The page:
When you think about the Astros, there are certain stars that come to mind — Justin Verlander, Jose Altuve, Yordan Alvarez, the guys that jump off the page. Each of them are a tough assignment for the ALCS, but the great underdiscussed force in this series is the strength of Houston’s bullpen. We’re all rightfully concerned about what Verlander or Framber Valdez will do in their starts, but the series may hinge on what happens when those guys are taken out of the game.
Pick your stat — ERA, FIP, xFIP, strikeout rate — and the Astros’ bullpen sits atop the MLB table. The six main arms the club will lean on in the ALCS have a FIP at least 35 percent better than league average. We just saw the Yankees overcome the Guardians’ formidable bullpen ... the Astros’ relief corps had an ERA and FIP more than a third of a run lower.
It’s one thing to know how good the Astros are, it’s another to understand what makes them so effective. They have the best strikeout rate in the game despite throwing the second-fewest number of pitches in the zone:
Contrast this with the Yankees, whose bullpen has a relatively mediocre strikeout rate despite being among the stronger relief corps. The Yankees have leaned into a sinker-slider approach with their relievers that’s generated the lowest hard contact rate in the game. Think about Wandy Peralta or Lou Trivino or Clay Holmes — sure, they can get strikeouts, but they’re really trying to fool you into chopping a ground ball somewhere, or popping it up. Given that approach, the Yankees target the shadow zone to avoid the barrel.
Where the Astros differ is they’re not trying to generate contact in the shadow or chase zones, they’re trying to throw four-seam fastballs by you. Only four relief corps in baseball threw more four-seamers just off the plate than Houston, and the Yankees were dead last in that category — but unsurprisingly first in sinkers.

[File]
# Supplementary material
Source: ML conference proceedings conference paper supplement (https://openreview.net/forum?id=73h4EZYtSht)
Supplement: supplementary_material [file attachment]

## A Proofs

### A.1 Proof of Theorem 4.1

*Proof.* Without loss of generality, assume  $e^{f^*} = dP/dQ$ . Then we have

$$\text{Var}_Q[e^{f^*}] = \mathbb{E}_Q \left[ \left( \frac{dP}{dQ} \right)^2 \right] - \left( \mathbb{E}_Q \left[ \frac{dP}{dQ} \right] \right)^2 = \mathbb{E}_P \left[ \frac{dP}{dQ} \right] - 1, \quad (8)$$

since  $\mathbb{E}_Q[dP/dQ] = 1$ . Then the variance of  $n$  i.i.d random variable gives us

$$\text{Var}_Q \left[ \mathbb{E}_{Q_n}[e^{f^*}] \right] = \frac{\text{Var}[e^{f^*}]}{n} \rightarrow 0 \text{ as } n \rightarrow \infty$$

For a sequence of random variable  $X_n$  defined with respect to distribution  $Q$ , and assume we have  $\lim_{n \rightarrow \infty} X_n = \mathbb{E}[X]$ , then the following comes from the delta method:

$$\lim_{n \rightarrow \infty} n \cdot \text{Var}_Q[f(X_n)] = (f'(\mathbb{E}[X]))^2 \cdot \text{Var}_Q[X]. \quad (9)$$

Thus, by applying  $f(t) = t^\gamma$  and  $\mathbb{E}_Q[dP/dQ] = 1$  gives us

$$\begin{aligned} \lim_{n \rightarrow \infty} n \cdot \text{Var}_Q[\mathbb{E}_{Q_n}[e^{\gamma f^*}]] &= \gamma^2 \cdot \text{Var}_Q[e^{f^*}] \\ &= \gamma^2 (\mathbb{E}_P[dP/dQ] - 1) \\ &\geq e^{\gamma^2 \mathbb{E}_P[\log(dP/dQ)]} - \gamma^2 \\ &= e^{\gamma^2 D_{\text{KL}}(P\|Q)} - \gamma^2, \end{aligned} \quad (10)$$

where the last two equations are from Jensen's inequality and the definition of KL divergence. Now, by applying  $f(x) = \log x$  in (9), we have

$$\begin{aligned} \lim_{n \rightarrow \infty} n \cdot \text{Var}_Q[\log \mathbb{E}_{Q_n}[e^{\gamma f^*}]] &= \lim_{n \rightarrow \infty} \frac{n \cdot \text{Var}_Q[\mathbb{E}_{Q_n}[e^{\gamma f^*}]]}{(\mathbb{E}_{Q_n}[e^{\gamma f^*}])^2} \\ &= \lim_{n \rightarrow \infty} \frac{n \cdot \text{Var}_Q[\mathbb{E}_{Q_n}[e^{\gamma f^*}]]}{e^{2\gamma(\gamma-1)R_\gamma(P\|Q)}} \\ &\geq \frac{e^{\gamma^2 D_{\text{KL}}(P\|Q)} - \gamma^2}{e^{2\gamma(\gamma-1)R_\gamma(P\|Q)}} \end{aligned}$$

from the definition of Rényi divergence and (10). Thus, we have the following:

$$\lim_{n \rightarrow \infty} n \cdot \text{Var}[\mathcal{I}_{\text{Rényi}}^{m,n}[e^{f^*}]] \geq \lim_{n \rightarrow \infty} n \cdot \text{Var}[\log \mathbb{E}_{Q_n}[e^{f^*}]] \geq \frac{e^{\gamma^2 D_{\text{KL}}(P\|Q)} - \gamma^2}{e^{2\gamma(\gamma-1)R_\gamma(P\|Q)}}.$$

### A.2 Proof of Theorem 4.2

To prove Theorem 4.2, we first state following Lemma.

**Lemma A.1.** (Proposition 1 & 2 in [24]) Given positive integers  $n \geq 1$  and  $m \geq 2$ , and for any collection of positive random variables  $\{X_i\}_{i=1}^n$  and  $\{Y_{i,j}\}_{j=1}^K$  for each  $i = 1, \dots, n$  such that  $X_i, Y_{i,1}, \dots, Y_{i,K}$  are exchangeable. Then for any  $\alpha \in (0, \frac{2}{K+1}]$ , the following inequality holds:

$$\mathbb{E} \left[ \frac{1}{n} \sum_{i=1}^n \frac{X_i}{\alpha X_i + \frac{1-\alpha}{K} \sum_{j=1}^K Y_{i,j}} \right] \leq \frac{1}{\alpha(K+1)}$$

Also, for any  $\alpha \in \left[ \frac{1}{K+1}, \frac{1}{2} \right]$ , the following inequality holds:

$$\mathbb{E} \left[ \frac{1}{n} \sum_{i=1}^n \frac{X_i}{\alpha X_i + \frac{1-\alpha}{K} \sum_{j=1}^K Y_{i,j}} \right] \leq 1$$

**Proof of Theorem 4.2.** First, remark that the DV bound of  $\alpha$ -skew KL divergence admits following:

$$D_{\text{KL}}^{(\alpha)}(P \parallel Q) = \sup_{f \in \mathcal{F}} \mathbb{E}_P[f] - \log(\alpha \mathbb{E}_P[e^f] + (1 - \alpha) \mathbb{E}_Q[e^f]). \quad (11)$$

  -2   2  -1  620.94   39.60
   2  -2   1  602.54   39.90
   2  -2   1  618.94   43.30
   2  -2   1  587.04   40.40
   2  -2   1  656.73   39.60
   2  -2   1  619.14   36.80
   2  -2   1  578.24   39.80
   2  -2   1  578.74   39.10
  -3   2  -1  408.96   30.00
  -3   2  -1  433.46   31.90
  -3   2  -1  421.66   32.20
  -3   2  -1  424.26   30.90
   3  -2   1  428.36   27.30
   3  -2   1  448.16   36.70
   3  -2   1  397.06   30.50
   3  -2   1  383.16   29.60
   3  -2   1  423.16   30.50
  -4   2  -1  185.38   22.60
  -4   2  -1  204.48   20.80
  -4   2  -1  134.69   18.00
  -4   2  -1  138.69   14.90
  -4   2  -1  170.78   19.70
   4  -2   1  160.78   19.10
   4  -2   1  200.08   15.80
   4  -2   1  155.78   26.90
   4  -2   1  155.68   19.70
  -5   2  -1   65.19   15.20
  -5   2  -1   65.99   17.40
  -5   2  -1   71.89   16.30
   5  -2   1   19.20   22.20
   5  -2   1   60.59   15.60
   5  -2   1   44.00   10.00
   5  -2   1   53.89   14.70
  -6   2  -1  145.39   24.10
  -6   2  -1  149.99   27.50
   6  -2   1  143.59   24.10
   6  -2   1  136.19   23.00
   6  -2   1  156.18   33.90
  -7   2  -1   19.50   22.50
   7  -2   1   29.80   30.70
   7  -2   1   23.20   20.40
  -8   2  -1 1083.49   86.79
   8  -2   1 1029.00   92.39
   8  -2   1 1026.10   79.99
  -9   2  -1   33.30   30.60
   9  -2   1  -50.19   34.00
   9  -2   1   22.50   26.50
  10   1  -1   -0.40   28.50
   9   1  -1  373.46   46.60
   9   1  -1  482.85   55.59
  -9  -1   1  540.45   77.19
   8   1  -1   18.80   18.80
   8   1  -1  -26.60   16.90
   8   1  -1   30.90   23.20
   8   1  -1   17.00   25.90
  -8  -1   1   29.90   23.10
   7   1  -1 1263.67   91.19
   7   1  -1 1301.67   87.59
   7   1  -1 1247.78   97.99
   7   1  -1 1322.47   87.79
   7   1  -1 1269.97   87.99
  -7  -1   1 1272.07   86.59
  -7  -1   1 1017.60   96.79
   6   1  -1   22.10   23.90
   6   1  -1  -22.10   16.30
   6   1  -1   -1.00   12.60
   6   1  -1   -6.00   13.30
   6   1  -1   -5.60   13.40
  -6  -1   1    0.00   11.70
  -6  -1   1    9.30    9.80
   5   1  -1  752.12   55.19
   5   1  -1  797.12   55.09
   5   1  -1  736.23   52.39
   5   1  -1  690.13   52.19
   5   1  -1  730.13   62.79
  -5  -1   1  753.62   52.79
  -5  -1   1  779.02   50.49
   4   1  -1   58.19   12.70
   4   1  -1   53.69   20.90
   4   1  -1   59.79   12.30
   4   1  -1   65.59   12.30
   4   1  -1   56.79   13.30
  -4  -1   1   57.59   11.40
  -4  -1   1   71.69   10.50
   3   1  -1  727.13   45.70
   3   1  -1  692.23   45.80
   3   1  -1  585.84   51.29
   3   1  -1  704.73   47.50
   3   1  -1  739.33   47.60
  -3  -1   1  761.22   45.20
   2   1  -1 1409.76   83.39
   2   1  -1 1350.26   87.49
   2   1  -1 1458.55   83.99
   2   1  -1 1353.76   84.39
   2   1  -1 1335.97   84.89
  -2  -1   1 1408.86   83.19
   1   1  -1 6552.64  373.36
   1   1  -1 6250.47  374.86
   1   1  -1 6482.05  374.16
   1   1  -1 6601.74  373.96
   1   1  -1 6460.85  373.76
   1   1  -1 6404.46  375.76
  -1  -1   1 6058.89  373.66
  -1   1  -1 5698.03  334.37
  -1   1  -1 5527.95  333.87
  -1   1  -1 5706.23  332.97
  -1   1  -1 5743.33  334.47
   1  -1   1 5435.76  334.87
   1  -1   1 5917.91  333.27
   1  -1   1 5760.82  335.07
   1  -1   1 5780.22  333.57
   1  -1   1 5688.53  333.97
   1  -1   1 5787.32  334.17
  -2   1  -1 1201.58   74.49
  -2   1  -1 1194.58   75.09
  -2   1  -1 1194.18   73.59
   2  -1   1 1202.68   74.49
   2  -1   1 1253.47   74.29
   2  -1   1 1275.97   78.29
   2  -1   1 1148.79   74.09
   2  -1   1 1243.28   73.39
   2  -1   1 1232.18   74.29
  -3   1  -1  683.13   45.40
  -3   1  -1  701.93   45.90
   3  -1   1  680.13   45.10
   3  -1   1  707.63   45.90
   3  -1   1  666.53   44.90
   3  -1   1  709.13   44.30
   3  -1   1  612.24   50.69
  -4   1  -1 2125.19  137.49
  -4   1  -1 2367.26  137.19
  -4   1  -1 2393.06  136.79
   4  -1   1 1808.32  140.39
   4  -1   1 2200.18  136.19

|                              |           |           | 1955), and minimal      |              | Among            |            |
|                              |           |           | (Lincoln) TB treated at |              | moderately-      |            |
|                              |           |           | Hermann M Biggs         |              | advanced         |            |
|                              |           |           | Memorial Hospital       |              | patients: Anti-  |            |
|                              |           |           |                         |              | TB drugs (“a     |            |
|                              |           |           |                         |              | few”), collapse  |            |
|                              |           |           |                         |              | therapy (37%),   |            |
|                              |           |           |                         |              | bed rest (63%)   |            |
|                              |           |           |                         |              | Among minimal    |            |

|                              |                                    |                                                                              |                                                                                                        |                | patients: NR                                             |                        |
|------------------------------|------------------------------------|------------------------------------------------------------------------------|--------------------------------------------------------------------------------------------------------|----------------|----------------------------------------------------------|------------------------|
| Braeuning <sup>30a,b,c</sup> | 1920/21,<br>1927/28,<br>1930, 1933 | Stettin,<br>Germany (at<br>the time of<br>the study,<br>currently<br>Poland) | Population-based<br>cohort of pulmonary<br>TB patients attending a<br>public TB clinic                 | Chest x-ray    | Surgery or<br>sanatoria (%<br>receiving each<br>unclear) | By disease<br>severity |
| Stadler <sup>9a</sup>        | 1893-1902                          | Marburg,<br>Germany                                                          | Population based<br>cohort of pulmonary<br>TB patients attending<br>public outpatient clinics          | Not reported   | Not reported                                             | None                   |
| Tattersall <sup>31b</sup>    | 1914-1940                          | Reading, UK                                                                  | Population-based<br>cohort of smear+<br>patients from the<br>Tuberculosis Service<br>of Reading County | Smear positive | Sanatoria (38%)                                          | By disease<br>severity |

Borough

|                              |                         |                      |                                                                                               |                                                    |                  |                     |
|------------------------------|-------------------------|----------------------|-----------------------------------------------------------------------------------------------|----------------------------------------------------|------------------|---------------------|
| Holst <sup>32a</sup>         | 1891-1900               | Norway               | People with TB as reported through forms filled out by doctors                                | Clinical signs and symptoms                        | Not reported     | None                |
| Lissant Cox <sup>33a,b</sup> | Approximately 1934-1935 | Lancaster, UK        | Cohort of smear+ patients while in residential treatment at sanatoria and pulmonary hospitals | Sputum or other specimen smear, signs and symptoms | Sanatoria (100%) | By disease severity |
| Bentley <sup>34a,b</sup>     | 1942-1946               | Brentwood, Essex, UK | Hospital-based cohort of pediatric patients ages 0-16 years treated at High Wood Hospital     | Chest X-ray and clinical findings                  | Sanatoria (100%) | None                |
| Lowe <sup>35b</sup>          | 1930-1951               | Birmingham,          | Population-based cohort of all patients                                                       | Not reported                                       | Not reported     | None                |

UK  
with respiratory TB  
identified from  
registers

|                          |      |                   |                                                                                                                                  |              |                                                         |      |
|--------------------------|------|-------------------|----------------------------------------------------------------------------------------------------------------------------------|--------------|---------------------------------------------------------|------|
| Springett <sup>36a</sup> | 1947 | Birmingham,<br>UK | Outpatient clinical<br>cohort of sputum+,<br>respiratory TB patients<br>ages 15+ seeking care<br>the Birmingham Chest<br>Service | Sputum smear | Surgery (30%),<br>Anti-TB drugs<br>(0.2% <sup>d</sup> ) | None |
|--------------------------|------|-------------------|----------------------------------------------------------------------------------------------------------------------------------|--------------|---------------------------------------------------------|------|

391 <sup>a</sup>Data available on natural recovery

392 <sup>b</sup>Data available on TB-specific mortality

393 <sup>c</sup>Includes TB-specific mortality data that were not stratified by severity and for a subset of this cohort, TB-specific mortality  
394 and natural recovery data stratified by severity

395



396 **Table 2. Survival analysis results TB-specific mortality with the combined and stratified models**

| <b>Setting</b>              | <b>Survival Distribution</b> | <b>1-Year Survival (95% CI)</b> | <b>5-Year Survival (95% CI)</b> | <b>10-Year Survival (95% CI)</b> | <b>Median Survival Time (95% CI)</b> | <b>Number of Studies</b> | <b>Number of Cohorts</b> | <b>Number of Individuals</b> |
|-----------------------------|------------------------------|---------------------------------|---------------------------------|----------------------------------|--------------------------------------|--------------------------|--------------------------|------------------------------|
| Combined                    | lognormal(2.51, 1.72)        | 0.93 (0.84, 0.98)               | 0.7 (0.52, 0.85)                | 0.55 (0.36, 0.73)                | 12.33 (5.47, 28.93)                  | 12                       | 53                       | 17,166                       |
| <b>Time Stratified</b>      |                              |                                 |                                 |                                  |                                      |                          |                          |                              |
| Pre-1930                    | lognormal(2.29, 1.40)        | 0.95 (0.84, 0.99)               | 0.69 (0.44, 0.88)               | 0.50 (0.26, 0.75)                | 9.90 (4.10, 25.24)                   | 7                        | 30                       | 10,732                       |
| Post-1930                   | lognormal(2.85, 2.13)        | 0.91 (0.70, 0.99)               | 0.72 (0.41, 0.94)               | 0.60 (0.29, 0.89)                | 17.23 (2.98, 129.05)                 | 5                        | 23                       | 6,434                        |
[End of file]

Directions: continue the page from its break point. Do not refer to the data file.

It’s not exactly a new approach from the club, but rather one that plays to the strengths of the pitching. Bryan Abreu and Hector Neris, the two pitchers the Astros will likely lean on the most this series, are case examples of this:
So how do you counter this, other than just by beating up Verlander or Framber Valdez and having a lead before the big bullpen arms come in?
For the Yankees, it should actually be a fairly simple approach: If it’s high, let it fly, if it’s low, let it go. New York had the fourth-best wOBA on fastballs in the shadow and chase zones, but the 14th against breaking pitches. We know what the approach of the Astros bullpen is — they’re not going to throw a ton of pitches in the zone, but the breaking stuff is generally going to be low and away, while the hard stuff is up.
Now, it’s one thing to say that’s what the approach needs to be and another to execute on it, but this also emphasizes the need to hit the ball out of the park. If Neris or Abreu make a mistake with those fastballs, and they creep back into the zone, they need to be crushed. The two combined to allow five home runs this year, four on fastballs that weren’t quite as far out of the zone as they needed to be.
The Yankees have their work cut out for them against the Astros’ starters, but squaring off against their bullpen is yet another example that you can’t just run up a starter’s pitches and feast on the relief corps. Houston’s bullpen might just be the best in baseball, and although the idea of an x-factor is hackneyed, their ability to fool batters with pitches out of the strike zone may be the difference in this series.